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Federal Reserve Chief Ben Bernanke outlined new rules Monday that are intended to protect homebuyers from risky lending practices blamed for a nationwide housing crisis. Wall Street Journal editor David Wessel examines the move.
In his remarks today, the Fed chairman laid out a series of prescriptions to deal with what he called the "ongoing turmoil" of the financial markets and to prevent future crises.
The Fed moves include issuing new regulations in the coming days to crack down on shady lending practices; considering extending investment banks' ability to borrow money from the Fed; and calling on Congress to potentially give the Fed authority to collect information about the workings and holdings of borrowers, lenders, and financial firms.
David Wessel is the economics editor for the Wall Street Journal, and he joins me for more on this story.
Cracking down on risky loans, did the chairman get specific about what kinds of loans he wanted to see disappear from lenders' product lines?
DAVID WESSEL, Wall Street Journal:
Well, he didn't get specific today, but the Fed has, over a number of years, really going back to 2006, been trying to figure out whether they should do more to limit some of the most egregious examples of subprime loans that turned out not to be in the interest of the borrower or the lender.
And now next week they're finally going to issue the final regulations. It's a little bit like stomping very hard to outlaw laws that — outlaw loans that nobody is making anymore.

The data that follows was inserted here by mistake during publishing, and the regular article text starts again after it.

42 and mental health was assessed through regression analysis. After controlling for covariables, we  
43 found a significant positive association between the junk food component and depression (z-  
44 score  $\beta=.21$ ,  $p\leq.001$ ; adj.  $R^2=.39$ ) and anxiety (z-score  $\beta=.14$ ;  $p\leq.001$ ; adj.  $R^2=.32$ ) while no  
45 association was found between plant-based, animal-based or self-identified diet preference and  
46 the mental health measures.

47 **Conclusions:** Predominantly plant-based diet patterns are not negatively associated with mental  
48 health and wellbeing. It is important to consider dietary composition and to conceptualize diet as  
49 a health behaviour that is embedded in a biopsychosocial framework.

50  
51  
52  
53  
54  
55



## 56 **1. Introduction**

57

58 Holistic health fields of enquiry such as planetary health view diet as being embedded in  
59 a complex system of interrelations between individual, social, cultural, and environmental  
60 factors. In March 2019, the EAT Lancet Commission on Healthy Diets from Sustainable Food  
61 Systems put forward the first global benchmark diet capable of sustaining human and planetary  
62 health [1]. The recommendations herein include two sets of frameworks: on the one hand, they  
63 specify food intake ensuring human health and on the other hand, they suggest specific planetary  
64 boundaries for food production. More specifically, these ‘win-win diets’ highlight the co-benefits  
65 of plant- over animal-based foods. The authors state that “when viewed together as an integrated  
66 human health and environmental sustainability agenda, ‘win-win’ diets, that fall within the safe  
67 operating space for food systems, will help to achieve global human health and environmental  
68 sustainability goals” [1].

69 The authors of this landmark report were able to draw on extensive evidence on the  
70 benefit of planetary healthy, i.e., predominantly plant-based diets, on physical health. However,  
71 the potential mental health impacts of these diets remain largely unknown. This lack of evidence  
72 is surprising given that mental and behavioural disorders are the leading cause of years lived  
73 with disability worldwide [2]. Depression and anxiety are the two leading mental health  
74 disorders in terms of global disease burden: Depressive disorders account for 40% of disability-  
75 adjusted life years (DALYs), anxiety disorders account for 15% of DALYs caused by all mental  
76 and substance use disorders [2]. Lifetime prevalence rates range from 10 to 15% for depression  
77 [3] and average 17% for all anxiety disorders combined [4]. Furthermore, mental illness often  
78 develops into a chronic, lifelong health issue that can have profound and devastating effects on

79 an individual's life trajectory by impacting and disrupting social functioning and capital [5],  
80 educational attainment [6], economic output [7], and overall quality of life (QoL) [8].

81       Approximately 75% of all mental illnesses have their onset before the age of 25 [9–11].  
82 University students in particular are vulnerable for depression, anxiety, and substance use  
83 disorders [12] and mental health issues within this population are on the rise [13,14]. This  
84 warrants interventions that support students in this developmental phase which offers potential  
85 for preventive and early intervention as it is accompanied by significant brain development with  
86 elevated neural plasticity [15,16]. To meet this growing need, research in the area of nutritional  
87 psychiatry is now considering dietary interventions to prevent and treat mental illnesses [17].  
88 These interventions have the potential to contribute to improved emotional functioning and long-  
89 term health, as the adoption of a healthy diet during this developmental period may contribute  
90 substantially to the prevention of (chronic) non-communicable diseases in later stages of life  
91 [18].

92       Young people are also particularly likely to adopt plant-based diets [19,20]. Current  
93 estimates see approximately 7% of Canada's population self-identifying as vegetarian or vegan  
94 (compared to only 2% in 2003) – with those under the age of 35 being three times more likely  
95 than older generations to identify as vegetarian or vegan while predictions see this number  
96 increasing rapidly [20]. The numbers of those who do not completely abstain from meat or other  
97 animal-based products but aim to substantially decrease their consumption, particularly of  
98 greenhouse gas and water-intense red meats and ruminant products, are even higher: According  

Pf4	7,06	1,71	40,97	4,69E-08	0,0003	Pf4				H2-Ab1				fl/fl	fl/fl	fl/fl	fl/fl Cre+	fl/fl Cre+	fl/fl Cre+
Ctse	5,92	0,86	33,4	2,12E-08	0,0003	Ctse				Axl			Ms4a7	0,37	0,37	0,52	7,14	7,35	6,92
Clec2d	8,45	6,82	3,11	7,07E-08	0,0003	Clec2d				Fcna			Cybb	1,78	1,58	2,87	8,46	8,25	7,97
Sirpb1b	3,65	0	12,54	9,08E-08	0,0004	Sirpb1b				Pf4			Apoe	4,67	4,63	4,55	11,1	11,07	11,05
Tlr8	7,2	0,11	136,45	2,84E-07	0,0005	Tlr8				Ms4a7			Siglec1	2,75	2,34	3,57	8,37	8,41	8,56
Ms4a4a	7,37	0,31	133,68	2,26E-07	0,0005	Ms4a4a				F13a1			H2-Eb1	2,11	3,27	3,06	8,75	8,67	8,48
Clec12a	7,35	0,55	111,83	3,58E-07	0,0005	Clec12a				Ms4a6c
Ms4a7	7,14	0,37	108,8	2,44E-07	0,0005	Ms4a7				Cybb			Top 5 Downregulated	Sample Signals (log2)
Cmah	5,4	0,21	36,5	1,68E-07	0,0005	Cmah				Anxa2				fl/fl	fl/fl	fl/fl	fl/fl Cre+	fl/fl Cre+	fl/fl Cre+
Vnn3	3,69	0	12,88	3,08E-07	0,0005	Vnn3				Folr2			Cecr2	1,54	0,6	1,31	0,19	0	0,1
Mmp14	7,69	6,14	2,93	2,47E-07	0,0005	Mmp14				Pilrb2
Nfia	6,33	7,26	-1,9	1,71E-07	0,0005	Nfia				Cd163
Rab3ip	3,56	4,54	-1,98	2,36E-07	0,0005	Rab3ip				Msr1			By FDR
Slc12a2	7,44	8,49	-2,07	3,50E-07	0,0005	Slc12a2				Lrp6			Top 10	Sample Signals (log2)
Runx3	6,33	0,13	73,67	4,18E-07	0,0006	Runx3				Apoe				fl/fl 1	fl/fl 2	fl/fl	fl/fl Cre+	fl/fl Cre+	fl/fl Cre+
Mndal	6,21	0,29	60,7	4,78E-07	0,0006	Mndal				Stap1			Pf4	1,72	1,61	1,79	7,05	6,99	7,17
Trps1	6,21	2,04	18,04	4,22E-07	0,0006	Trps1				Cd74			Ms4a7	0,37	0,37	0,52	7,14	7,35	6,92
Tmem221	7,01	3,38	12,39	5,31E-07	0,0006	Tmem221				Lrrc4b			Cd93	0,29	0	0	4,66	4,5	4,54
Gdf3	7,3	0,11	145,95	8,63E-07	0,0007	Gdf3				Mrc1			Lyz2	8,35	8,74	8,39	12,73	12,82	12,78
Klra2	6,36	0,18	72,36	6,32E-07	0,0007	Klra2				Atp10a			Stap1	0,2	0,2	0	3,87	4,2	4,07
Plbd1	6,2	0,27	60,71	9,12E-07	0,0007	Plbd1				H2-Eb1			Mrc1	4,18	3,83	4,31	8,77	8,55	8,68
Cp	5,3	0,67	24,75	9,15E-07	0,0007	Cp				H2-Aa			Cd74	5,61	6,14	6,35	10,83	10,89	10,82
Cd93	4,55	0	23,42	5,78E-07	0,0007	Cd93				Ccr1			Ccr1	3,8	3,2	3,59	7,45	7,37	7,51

But specifically they have a criteria for what constitutes a high-cost loan. And for these loans, the lender has to do such revolutionary things as make sure the person has the ability to pay it back and so forth.
Does the Fed have the ability to make that rule for any institution that makes a loan on a house…what kinds of banks?
Yes. One of the controversial things in the past was that the Fed had been a little reluctant to use the power that Congress had given it to cover people who make mortgage loans who aren't in the banking business that's primarily regulated by the Fed.
And now the Fed is moving beyond that. In a way, they're saying, "These are things we wish we had done before in the years when Chairman Greenspan was in charge, but we're going to do them now because we see how bad the things have gotten."
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